In that great juggle of work and parenthood, nothing can cause more stress – or more relief – than your childcare arrangements. But with so many options out there, how’s a parent to find a system that will help rather than hurt? Here we give the skinny on the top five childcare options so you can decide what’s right for you.
1. Day care center
These are care facilities that must be licensed and meet a variety of government regulations and safety standards; they also typically have professional staff and accept infants as young as six weeks old.
COST: The average cost of full-time childcare for an infant in Utah is $6,800. The price tag doesn’t drop much as the child gets older.
PROS: Fully staffed during regular hours. Depending on the program, centers boast curriculums that claim to do everything from fostering self-confidence to developing motor and social skills to bolstering intellectual development. Infants and toddlers meet other children their age.
CONS: The cost is high. According to a recent Child Care Aware of America report, in most states it costs more to send an infant to a day care center than it does to send a teenager to public college. And while there may be price breaks for siblings, the fee is essentially the same for each child in a single family.
If you work odd hours or night shifts, these centers are probably your least flexible option in terms of when your child gets care.
2. Family day care/home center
The US Census found that 1.6 million children under age five are cared for by a non-relative in that person’s home; the majority of these are in official “family day cares,” which in most states have to meet some regulations. (There are also more than 700,000 children in more informal arrangements, ranging from babysitting coops to a neighbor watching the local kids.) A home-based setup usually involves a provider, and possibly his or her employees, caring for a small group of children of different ages.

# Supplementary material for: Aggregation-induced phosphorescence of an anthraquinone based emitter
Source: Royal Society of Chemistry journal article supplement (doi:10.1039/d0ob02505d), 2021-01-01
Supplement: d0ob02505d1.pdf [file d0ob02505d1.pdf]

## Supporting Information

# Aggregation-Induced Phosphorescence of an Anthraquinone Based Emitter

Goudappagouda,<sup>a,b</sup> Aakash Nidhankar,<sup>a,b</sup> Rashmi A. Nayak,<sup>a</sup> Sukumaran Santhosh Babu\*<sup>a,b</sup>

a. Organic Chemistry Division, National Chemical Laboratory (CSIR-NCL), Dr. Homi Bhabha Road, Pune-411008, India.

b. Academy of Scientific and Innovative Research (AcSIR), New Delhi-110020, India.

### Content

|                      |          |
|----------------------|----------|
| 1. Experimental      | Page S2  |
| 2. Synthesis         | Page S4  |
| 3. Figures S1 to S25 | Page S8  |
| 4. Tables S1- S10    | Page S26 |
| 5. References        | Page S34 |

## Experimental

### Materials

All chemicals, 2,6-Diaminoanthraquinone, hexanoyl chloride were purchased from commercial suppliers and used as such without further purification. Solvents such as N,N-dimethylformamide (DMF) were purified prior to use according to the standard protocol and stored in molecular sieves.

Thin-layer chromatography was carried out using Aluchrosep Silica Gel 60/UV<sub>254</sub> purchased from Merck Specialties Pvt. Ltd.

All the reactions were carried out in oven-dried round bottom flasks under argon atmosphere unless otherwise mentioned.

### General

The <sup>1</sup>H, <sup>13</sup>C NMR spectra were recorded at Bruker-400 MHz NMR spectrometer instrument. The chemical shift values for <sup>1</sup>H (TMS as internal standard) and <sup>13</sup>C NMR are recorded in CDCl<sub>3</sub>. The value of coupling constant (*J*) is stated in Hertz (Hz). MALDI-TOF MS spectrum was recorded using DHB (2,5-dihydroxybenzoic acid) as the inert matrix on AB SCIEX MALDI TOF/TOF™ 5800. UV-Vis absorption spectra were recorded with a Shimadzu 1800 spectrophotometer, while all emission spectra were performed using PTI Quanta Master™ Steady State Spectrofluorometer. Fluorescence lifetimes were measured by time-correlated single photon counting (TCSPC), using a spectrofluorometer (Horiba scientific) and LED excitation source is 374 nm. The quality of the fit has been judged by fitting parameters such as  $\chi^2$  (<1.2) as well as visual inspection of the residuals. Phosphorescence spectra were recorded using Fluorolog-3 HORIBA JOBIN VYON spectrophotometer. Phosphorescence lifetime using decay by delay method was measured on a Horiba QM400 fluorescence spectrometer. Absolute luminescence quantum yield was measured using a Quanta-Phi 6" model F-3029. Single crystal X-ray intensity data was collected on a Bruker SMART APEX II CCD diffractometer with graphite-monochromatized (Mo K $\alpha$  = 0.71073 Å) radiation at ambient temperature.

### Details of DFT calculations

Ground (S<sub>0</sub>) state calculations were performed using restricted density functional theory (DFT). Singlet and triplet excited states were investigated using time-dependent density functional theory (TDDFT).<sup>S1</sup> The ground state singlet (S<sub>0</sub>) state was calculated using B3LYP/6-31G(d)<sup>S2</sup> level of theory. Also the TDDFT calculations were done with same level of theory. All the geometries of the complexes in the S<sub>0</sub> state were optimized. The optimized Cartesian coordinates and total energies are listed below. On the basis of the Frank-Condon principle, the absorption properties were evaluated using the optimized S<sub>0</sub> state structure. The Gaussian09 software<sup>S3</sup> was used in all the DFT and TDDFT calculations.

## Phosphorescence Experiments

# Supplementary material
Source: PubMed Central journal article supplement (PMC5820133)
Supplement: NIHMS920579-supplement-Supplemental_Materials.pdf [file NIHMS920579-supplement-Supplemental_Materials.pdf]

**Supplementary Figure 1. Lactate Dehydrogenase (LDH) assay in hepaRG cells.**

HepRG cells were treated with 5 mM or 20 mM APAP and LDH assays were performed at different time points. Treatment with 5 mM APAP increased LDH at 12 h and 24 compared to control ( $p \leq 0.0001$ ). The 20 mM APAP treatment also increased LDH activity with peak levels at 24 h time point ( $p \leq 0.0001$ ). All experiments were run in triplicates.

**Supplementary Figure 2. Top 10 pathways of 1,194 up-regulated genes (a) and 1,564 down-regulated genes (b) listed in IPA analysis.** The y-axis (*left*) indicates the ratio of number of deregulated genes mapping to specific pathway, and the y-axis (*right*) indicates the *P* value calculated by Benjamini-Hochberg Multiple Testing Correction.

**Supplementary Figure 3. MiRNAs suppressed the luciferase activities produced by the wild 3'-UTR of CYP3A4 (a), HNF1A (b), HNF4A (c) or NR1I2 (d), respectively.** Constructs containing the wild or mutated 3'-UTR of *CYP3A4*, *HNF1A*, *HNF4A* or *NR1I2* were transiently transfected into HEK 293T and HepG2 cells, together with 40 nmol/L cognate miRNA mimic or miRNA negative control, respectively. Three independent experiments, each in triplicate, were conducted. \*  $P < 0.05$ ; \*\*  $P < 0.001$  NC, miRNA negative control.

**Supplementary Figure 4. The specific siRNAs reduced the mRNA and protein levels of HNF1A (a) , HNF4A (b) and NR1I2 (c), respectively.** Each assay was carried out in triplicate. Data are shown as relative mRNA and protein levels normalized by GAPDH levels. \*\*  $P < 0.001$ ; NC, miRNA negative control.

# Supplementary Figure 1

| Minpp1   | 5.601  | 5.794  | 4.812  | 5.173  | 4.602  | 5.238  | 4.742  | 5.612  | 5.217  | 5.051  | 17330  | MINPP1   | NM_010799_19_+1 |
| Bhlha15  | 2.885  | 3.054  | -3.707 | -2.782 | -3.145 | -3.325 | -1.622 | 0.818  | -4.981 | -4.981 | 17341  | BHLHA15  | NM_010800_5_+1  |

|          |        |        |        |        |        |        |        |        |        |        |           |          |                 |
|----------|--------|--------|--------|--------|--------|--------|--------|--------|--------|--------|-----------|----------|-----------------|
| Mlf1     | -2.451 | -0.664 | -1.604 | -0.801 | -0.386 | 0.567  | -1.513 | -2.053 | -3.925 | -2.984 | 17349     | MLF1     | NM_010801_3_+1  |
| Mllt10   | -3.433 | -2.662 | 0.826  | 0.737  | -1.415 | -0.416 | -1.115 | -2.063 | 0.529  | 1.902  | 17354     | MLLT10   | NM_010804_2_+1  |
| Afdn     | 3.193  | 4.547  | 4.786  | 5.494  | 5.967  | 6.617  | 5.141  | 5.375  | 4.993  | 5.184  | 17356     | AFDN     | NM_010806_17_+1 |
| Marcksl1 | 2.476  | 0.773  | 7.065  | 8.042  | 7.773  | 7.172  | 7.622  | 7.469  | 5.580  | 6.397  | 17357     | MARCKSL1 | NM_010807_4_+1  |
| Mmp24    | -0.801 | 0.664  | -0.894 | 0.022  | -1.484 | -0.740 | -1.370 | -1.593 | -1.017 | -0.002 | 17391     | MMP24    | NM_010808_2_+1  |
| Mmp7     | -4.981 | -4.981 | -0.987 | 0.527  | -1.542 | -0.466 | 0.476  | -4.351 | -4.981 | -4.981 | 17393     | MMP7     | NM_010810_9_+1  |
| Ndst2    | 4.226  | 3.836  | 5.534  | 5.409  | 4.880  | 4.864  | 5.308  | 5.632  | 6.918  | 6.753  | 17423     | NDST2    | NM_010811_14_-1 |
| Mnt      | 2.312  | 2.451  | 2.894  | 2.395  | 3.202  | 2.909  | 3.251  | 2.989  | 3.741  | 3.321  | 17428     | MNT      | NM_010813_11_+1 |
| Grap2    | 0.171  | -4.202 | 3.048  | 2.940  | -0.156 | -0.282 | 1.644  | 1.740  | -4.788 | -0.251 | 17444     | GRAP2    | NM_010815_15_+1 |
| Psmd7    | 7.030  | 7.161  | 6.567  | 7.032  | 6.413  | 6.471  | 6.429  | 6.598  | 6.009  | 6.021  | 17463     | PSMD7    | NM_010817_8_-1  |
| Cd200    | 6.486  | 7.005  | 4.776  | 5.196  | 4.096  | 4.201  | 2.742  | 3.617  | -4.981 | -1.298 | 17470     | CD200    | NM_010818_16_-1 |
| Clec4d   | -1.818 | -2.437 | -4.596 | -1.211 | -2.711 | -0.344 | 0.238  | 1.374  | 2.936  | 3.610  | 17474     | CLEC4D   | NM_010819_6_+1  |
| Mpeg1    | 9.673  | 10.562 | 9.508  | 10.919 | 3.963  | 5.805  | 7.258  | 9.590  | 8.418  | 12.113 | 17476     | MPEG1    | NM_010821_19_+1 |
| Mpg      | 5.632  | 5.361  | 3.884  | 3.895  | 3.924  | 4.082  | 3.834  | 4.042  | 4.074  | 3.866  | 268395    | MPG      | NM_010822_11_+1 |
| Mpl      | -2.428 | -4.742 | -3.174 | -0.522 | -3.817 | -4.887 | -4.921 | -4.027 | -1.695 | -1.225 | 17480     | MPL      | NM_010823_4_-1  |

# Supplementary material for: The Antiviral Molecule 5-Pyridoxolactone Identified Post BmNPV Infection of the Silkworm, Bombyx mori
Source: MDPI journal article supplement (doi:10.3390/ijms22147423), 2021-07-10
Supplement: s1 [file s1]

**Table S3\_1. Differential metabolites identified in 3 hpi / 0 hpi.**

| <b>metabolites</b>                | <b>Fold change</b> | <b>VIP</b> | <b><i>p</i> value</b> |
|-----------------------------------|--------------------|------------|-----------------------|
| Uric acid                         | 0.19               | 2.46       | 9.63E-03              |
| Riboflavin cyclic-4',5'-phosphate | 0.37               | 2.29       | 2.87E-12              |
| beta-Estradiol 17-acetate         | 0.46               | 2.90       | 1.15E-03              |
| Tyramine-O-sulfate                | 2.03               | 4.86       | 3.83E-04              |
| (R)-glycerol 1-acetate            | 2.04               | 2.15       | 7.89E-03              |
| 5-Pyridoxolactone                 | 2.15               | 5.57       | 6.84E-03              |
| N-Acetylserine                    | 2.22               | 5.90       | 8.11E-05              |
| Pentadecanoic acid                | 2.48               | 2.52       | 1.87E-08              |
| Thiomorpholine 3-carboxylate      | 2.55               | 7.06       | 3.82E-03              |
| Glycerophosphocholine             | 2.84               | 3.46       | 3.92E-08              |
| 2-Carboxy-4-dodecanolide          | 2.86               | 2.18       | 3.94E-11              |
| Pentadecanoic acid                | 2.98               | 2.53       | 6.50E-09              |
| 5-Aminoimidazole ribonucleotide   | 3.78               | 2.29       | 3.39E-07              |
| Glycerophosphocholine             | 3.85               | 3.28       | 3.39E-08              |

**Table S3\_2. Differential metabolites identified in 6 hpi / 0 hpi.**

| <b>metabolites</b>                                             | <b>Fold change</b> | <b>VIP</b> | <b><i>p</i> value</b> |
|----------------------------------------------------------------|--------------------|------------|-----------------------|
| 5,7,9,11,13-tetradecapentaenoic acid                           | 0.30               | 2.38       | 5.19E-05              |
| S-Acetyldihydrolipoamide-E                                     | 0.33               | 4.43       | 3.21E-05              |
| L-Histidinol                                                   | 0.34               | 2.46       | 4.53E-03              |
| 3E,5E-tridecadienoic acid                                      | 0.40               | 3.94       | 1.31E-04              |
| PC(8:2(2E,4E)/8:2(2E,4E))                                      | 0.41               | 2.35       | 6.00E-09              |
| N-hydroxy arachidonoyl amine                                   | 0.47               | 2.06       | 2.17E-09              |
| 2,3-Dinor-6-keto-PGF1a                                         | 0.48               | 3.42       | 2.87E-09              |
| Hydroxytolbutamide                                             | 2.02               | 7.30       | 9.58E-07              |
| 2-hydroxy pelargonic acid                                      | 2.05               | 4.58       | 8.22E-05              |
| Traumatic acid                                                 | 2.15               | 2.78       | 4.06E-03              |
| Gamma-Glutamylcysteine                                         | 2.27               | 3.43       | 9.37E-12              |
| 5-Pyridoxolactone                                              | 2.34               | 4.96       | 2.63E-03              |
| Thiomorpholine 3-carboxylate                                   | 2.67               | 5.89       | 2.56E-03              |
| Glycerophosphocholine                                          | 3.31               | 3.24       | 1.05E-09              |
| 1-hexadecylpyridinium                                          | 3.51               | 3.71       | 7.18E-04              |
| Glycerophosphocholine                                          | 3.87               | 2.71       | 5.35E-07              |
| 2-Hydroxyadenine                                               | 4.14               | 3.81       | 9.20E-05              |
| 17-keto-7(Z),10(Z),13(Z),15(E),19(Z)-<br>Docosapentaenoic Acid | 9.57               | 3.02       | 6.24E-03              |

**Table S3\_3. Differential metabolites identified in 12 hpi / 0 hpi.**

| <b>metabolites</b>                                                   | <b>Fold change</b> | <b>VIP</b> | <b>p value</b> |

COST: Family childcare for infants in Utah averages $5,000.
PROS: Parents who love their family day care programs say they are happy for their children to be in a home setting where they can play with older and younger kids – something that some studies show has developmental benefits. They also say they feel more comfortable having a consistent, primary provider know and care for their child.
CONS: Child advocacy groups warn that home-based care is far less regulated than day care centers; many states do not require a family day care to be licensed until it is caring for a certain number of children. It can be difficult without a lot of legwork for parents to learn about a provider’s safety record and background. Home-based care, depending on the provider, can also be less reliable than a center, which has backups, say, for sick employees.
Once thought of as employees for the rich, nannies are increasingly a child care option for a wider range of families who need flexible childcare hours or who feel more comfortable with a dedicated caregiver. A nanny is essentially a professional babysitter – anyone from an undocumented worker to a highly trained and salaried professional – who works for your family as a sort of surrogate parent, coming to your home, taking your child on outings (or whatever makes you comfortable), feeding her your food, etc.
COST: There is no established standard. A scan of web forums and sites such as the Nanny Network shows $10 to $20 an hour is typical, depending on geography, number of kids and the caregiver’s experience. And then there are the “elite” nannies, the subject of a New York Times article earlier this year, who make upward of $180,000 a year, plus housing.
PROS: In best cases, a nanny develops a deep, loving bond with your child, all within the bounds of your parenting values. Because you are working with only one other individual, you may have the ability with a nanny to make arrangements that fit with odd work hours, vacation schedules, even date nights. The best nannies offer your child consistent care-giving over the years. Some nannies can provide light household work on top of child care duties. But not always – and depending on the nanny, you may find yourself on the receiving end of those flexibility requests. Think: sick days.